The former is not likely to be the case to any considerable extent; and the latter policy we fear will not be adopted till the question is more definitely settled, whether the government ought to interfere at all in the education of the people farther than to allow them to educate themselves, and perhaps to offer some few facilities to encourage them to do it. One other plan, perhaps, may suggest itself, by which the system will become more generally applicable to our higher schools, viz. by connecting more of agricultural or mechanical pursuits with it, by which they may wholly or in great part defray their own expenses.

With these restrictions, the Hazelwood School promises to be an interesting and instructive model. Its system of government will afford hints, which, with some modifications, may

be advantageously adopted in those schools and academies, which have a large number of pupils, and those attending constantly and for a long time. On failure of any of these conditions, the system will be found inapplicable to any class of schools in this country; however it may have succeeded under other and more favourable circumstances. The principles of government, though familiar to us on a somewhat larger scale, were new as applied to schools. And the projectors of the Hazelwood establishment certainly must have the credit of ingenuity, as well as originality. The government of schools has generally been a monarchy, and so administered as to become the very essence of tyranny. By this plan it is made essentially democratic, by vesting most of the power in the body of pupils, who form the community of the school. They make and execute all the laws for its regulation, except those which " determine the hours of attendance, and the regular amount of exercises to be performed.” The master and teachers have only a negative authority in these matters, if all their powers are fairly stated in the following constitution. How far their personal influence may extend in swaying public opinion, we are not informed. But we hasten, without further preliminary remarks, to quote the plan of government at length, in the hope thus to gratify those, who are more particularly interested in the subject; and, perhaps, at the expense of being thought particularly dull by most of our readers.

The government of the school is lodged in the hands of the master, the teachers, and a committee of boys elected by their companions.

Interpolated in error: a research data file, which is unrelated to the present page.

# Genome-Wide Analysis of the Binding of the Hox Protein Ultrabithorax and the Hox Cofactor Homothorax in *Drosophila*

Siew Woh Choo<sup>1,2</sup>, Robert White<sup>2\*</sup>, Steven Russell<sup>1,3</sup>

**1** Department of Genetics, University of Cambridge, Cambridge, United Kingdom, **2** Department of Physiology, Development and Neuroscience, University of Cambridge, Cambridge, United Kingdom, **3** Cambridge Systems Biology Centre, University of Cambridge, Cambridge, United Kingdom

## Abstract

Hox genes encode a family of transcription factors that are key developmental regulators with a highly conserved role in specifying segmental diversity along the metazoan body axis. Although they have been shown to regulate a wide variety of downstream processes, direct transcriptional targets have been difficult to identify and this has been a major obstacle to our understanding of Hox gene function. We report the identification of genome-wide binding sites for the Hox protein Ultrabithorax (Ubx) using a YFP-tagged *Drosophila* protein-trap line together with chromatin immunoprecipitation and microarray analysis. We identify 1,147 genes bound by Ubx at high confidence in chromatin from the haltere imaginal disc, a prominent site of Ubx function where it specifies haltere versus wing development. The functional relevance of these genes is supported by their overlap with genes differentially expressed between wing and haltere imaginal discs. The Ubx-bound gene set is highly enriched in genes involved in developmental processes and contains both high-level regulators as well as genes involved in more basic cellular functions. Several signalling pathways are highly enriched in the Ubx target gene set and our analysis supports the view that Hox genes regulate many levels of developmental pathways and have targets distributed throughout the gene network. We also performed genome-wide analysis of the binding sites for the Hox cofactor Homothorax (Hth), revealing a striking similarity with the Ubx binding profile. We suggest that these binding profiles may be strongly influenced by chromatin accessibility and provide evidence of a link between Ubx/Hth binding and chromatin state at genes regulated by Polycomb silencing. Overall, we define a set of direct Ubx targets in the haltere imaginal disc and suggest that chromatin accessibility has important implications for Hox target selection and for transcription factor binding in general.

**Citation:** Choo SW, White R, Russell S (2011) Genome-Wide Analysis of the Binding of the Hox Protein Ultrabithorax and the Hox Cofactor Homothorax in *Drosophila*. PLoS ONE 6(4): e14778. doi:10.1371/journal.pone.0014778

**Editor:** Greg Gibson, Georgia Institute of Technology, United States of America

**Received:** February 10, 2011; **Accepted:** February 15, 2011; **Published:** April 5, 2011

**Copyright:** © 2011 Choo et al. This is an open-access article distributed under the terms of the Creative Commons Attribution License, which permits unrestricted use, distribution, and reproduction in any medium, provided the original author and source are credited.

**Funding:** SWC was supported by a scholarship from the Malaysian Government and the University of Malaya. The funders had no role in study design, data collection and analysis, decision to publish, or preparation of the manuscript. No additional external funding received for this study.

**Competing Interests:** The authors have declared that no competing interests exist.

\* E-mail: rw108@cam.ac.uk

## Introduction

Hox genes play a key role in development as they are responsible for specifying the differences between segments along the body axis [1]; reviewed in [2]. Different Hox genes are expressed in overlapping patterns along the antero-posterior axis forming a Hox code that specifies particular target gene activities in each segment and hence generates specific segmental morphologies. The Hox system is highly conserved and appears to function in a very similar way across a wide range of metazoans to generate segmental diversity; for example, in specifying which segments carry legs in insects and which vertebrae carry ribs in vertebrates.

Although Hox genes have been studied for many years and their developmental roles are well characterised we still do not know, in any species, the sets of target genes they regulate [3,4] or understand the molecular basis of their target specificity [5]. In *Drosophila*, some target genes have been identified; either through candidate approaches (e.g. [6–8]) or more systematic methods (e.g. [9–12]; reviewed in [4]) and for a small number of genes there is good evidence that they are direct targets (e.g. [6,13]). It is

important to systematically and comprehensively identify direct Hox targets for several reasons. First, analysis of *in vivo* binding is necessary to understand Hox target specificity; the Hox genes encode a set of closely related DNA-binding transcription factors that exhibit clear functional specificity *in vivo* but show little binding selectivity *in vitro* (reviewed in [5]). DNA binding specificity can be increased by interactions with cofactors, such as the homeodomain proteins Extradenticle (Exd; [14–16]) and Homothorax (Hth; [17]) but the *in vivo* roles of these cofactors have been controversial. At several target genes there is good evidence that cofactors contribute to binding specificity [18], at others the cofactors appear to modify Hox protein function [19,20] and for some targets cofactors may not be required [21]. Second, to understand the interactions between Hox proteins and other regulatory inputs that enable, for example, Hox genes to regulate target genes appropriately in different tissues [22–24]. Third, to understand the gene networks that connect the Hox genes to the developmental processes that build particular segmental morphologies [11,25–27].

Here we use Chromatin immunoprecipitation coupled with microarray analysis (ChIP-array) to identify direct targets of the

The committee is chosen on the first Monday in each month, at a general mecting of the school, over which one of the boys is called upon to preside as chairman. The boy who is then highest in rank, the means of obtaining which are hereafter described, appoints a member of the committee; the two next in elevation jointly nominate a second ; the three next choose a third, and so on to the bottom of the list; the last section, if incomplete, being incorporated with the previous division.

The committee at present consists of cleven boys; but its number must evidently vary with any considerable increase or diminution in the school. Each of the assistant teachers is a member ex officio ; but, as we think it desirable to leave the management of affairs as much as possible in the hands of the boys themselves, only one teacher has been in the habit of attending the committee's meeting-s.

The committee mects once a week; it has the formation of all the laws and regulations of the school, excepting such as determine the hours of attendance and the regular amount of exercises to be performed; but when the committee has resolved upon any law, a copy is presented by the secretary to the head master, whose sanction is necessary before it can be put in force.* The law is afterwards read aloud in the presence of the school, when its operation immediately commences, and a copy is hung in a conspicuous part of the school-room, for at least three days.

The regulations of the committee require, that previously to the discussion of any new law, a week's notice shail be given. This necessary arrangement having sometimes occasioned inconvenient delay, a subcommittee, consisting of the judge and magistrate for the time being, has been empowered to make regulations, liable as usual to the veto of the master; which, unless annulled in the mean time by the general committee, continue in operation for a fortnight. A great advantage of this arrangement is, that it affords opportunity of trying as an experiment the effect of any regulation, and modifying it, if necessary, before it forms a part of the code of written laws.